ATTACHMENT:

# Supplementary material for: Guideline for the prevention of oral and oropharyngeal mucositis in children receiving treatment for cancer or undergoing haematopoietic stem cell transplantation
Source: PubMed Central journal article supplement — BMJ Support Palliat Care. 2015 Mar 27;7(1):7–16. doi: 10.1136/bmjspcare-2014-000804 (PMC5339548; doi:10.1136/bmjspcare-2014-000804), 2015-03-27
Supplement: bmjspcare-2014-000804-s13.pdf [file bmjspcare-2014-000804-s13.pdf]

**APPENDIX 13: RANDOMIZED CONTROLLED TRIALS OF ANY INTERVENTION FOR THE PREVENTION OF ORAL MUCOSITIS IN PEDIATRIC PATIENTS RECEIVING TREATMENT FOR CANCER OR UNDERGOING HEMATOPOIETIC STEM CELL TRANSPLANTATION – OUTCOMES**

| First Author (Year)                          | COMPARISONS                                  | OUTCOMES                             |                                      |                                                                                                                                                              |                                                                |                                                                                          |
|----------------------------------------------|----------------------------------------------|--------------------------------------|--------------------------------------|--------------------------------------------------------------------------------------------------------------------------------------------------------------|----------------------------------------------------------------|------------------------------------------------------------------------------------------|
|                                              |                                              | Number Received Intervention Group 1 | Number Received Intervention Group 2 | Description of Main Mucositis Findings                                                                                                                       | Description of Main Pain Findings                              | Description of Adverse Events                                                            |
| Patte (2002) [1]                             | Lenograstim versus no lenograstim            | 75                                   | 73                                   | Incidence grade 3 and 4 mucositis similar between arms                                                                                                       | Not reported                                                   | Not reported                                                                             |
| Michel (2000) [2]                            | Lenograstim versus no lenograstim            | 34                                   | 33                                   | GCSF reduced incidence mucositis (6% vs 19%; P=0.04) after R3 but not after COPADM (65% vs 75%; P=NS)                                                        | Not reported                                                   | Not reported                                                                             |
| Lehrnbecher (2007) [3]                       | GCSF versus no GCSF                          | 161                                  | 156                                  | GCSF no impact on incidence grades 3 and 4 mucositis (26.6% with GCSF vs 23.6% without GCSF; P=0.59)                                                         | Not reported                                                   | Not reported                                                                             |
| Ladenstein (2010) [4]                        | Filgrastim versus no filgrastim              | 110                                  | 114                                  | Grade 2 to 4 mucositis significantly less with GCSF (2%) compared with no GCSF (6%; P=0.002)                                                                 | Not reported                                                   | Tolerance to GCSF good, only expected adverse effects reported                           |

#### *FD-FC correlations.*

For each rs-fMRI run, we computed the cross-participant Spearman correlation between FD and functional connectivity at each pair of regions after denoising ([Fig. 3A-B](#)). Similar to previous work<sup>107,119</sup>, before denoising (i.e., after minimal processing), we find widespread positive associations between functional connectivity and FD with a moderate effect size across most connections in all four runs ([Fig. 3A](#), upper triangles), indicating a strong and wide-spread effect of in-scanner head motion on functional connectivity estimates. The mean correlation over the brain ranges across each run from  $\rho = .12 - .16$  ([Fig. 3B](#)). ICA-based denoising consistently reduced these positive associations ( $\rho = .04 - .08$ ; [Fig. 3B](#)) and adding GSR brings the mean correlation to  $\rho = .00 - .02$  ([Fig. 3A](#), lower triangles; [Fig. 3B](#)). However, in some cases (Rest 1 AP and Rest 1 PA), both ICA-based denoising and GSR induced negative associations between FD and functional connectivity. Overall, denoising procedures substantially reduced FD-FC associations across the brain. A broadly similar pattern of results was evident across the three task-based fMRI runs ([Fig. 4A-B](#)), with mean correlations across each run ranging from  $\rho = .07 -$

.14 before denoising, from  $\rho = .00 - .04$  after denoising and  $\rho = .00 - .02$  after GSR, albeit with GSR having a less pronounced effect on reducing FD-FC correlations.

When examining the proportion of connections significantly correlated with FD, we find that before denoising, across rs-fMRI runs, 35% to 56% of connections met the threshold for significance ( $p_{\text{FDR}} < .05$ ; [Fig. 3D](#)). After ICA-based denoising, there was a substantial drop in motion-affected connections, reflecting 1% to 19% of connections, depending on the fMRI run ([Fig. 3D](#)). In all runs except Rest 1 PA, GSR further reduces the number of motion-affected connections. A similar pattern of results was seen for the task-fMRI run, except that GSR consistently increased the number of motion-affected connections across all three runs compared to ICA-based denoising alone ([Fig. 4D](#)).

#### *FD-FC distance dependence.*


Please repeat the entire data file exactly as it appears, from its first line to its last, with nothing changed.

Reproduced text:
# Supplementary material for: Guideline for the prevention of oral and oropharyngeal mucositis in children receiving treatment for cancer or undergoing haematopoietic stem cell transplantation
Source: PubMed Central journal article supplement — BMJ Support Palliat Care. 2015 Mar 27;7(1):7–16. doi: 10.1136/bmjspcare-2014-000804 (PMC5339548; doi:10.1136/bmjspcare-2014-000804), 2015-03-27
Supplement: bmjspcare-2014-000804-s13.pdf [file bmjspcare-2014-000804-s13.pdf]

**APPENDIX 13: RANDOMIZED CONTROLLED TRIALS OF ANY INTERVENTION FOR THE PREVENTION OF ORAL MUCOSITIS IN PEDIATRIC PATIENTS RECEIVING TREATMENT FOR CANCER OR UNDERGOING HEMATOPOIETIC STEM CELL TRANSPLANTATION – OUTCOMES**

| First Author (Year)                          | COMPARISONS                                  | OUTCOMES                             |                                      |                                                                                                                                                              |                                                                |                                                                                          |
|----------------------------------------------|----------------------------------------------|--------------------------------------|--------------------------------------|--------------------------------------------------------------------------------------------------------------------------------------------------------------|----------------------------------------------------------------|------------------------------------------------------------------------------------------|
|                                              |                                              | Number Received Intervention Group 1 | Number Received Intervention Group 2 | Description of Main Mucositis Findings                                                                                                                       | Description of Main Pain Findings                              | Description of Adverse Events                                                            |
| Patte (2002) [1]                             | Lenograstim versus no lenograstim            | 75                                   | 73                                   | Incidence grade 3 and 4 mucositis similar between arms                                                                                                       | Not reported                                                   | Not reported                                                                             |
| Michel (2000) [2]                            | Lenograstim versus no lenograstim            | 34                                   | 33                                   | GCSF reduced incidence mucositis (6% vs 19%; P=0.04) after R3 but not after COPADM (65% vs 75%; P=NS)                                                        | Not reported                                                   | Not reported                                                                             |
| Lehrnbecher (2007) [3]                       | GCSF versus no GCSF                          | 161                                  | 156                                  | GCSF no impact on incidence grades 3 and 4 mucositis (26.6% with GCSF vs 23.6% without GCSF; P=0.59)                                                         | Not reported                                                   | Not reported                                                                             |
| Ladenstein (2010) [4]                        | Filgrastim versus no filgrastim              | 110                                  | 114                                  | Grade 2 to 4 mucositis significantly less with GCSF (2%) compared with no GCSF (6%; P=0.002)                                                                 | Not reported                                                   | Tolerance to GCSF good, only expected adverse effects reported                           |

#### *FD-FC correlations.*

For each rs-fMRI run, we computed the cross-participant Spearman correlation between FD and functional connectivity at each pair of regions after denoising ([Fig. 3A-B](#)). Similar to previous work<sup>107,119</sup>, before denoising (i.e., after minimal processing), we find widespread positive associations between functional connectivity and FD with a moderate effect size across most connections in all four runs ([Fig. 3A](#), upper triangles), indicating a strong and wide-spread effect of in-scanner head motion on functional connectivity estimates. The mean correlation over the brain ranges across each run from  $\rho = .12 - .16$  ([Fig. 3B](#)). ICA-based denoising consistently reduced these positive associations ( $\rho = .04 - .08$ ; [Fig. 3B](#)) and adding GSR brings the mean correlation to  $\rho = .00 - .02$  ([Fig. 3A](#), lower triangles; [Fig. 3B](#)). However, in some cases (Rest 1 AP and Rest 1 PA), both ICA-based denoising and GSR induced negative associations between FD and functional connectivity. Overall, denoising procedures substantially reduced FD-FC associations across the brain. A broadly similar pattern of results was evident across the three task-based fMRI runs ([Fig. 4A-B](#)), with mean correlations across each run ranging from  $\rho = .07 -$

.14 before denoising, from  $\rho = .00 - .04$  after denoising and  $\rho = .00 - .02$  after GSR, albeit with GSR having a less pronounced effect on reducing FD-FC correlations.

When examining the proportion of connections significantly correlated with FD, we find that before denoising, across rs-fMRI runs, 35% to 56% of connections met the threshold for significance ( $p_{\text{FDR}} < .05$ ; [Fig. 3D](#)). After ICA-based denoising, there was a substantial drop in motion-affected connections, reflecting 1% to 19% of connections, depending on the fMRI run ([Fig. 3D](#)). In all runs except Rest 1 PA, GSR further reduces the number of motion-affected connections. A similar pattern of results was seen for the task-fMRI run, except that GSR consistently increased the number of motion-affected connections across all three runs compared to ICA-based denoising alone ([Fig. 4D](#)).

#### *FD-FC distance dependence.*